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Iguana stole my cake! and left behind a nasty surprise

Never get between an iguana and his cake – a cautionary tale of a toddler infected with bacteria that cause tuberculosis-like illness in fish, following an iguana bite

2023-04-01
(Press-News.org) **Note: the release below is a special early release from the European Congress of Clinical Microbiology & Infectious Diseases (ECCMID 2023, Copenhagen, 15-18 April). Please credit the conference if you use this story**

Embargo: 2301H UK time Friday 31 March  

**Note – the press release is available in Spanish and Portuguese, see links below**

A 3-year-old girl was infected with an unusual Mycobacterium marinum infection, that developed following an iguana bite while she was on holiday in Costa Rica, report the doctors who treated her at this year’s European Congress of Clinical Microbiology & Infectious Diseases (ECCMID) in Copenhagen, Denmark (15-18 April).

The authors believe it is the first reported case of M. marinum infection following an iguana bite. M. marinum is a ubiquitous, non-tuberculous mycobacterium that causes a tuberculosis-like illness in fish and has been known to infect humans when skin wounds are exposed to contaminated fresh or salt water.

The toddler was sitting on the beach eating cake when the iguana suddenly ran up and bit her on the back of her left-hand before snatching the cake.

She was immediately taken to a local clinic and found to have a single, superficial wound on the back of the metacarpal bone of her middle finger. After disinfection, she was given five days of amoxicillin antibiotics for potential salmonella exposure (common after reptile bites), and the wound healed quickly without any issues.

Five-months later, however, the parents noted a small bump on the back of her left hand which gradually became larger, and the skin became red and mildly painful over the next 3 months.

The toddler attended the hospital at Stanford Children’s Health (Stanford, CA, USA) where an ultrasound revealed a mass consistent with a ganglion cyst (fluid-filled lump), but the location and symptoms were not in keeping with this.

The orthopaedic surgeon who removed the 2-cm thick-walled mass noticed a discharge of pus from the wound, indicating an infection.

Histological examination revealed extensive tissue death and necrotizing granulomatous inflammation (an area of inflammation where the tissue has died), and cultures yielded a pure growth of M. marinum. As M. marinum is resistant to common antibiotics including amoxicillin, the girl was started on rifampin and clarithromycin and responded well to therapy.

While organisms that cause infection after dog or cat bites are well known, the microbiological cause of infected wounds secondary to iguana bites is limited to a few case reports, with Serratia marcescens and Staphylococcus aureus most often implicated. Salmonella enterica is also possible, given 75-90% of both wild and captive reptiles (including snakes, turtles, and iguanas) are colonised with these bacteria.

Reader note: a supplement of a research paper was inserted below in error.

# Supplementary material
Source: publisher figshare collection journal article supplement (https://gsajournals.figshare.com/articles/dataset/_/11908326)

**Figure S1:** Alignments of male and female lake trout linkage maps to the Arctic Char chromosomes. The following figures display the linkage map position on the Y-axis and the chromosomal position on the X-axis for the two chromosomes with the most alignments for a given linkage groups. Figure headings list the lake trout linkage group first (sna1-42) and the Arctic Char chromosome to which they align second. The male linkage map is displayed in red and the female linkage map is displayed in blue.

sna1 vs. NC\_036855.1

Several studies have reported that domestic reptiles harbour non-tuberculous mycobacteria (NTM) given their abundance in fresh and salt water.

“M. marinum prefers lower temperatures (30◦C) for optimal growth, and it’s highly likely that the cold-blooded iguana, with body temperatures ranging from 22-37◦C, may sustain these microbes as reservoirs,” explains lead author Dr Jordan Mah from Stanford University School of Medicine, California, USA.

He continues, “The bite resulted in colonisation by a bacterium rarely found in humans, and demonstrates that iguanas may be carriers of harmful bacteria capable of producing severe infections. This may help inform health care professionals of less commonly known bacterial infections following unusual zoonotic exposures."

For interviews with the report authors, please contact Dr Jordan Kit Mah, Stanford University School of Medicine, Stanford, California, USA. Please e-mail to arrange interview.  E) jmah19@stanford.edu

Alternative contact in the ECCMID Press Room: Tony Kirby T) + 44(0)7834 385827 E) tony@tonykirby.com

For press release in Spanish, click here

For press release in Portuguese, click here

Notes to editors:

This press release is based on oral presentation 6564 at the European Congress of Clinical Microbiology & Infectious Diseases (ECCMID). All accepted abstracts have been extensively peer reviewed by the congress selection committee. There is no full paper at this stage, but the authors are happy to answer your questions. The research has been submitted to a medical journal for publication. 

 

 

 

END


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[Press-News.org] Iguana stole my cake! and left behind a nasty surprise
Never get between an iguana and his cake – a cautionary tale of a toddler infected with bacteria that cause tuberculosis-like illness in fish, following an iguana bite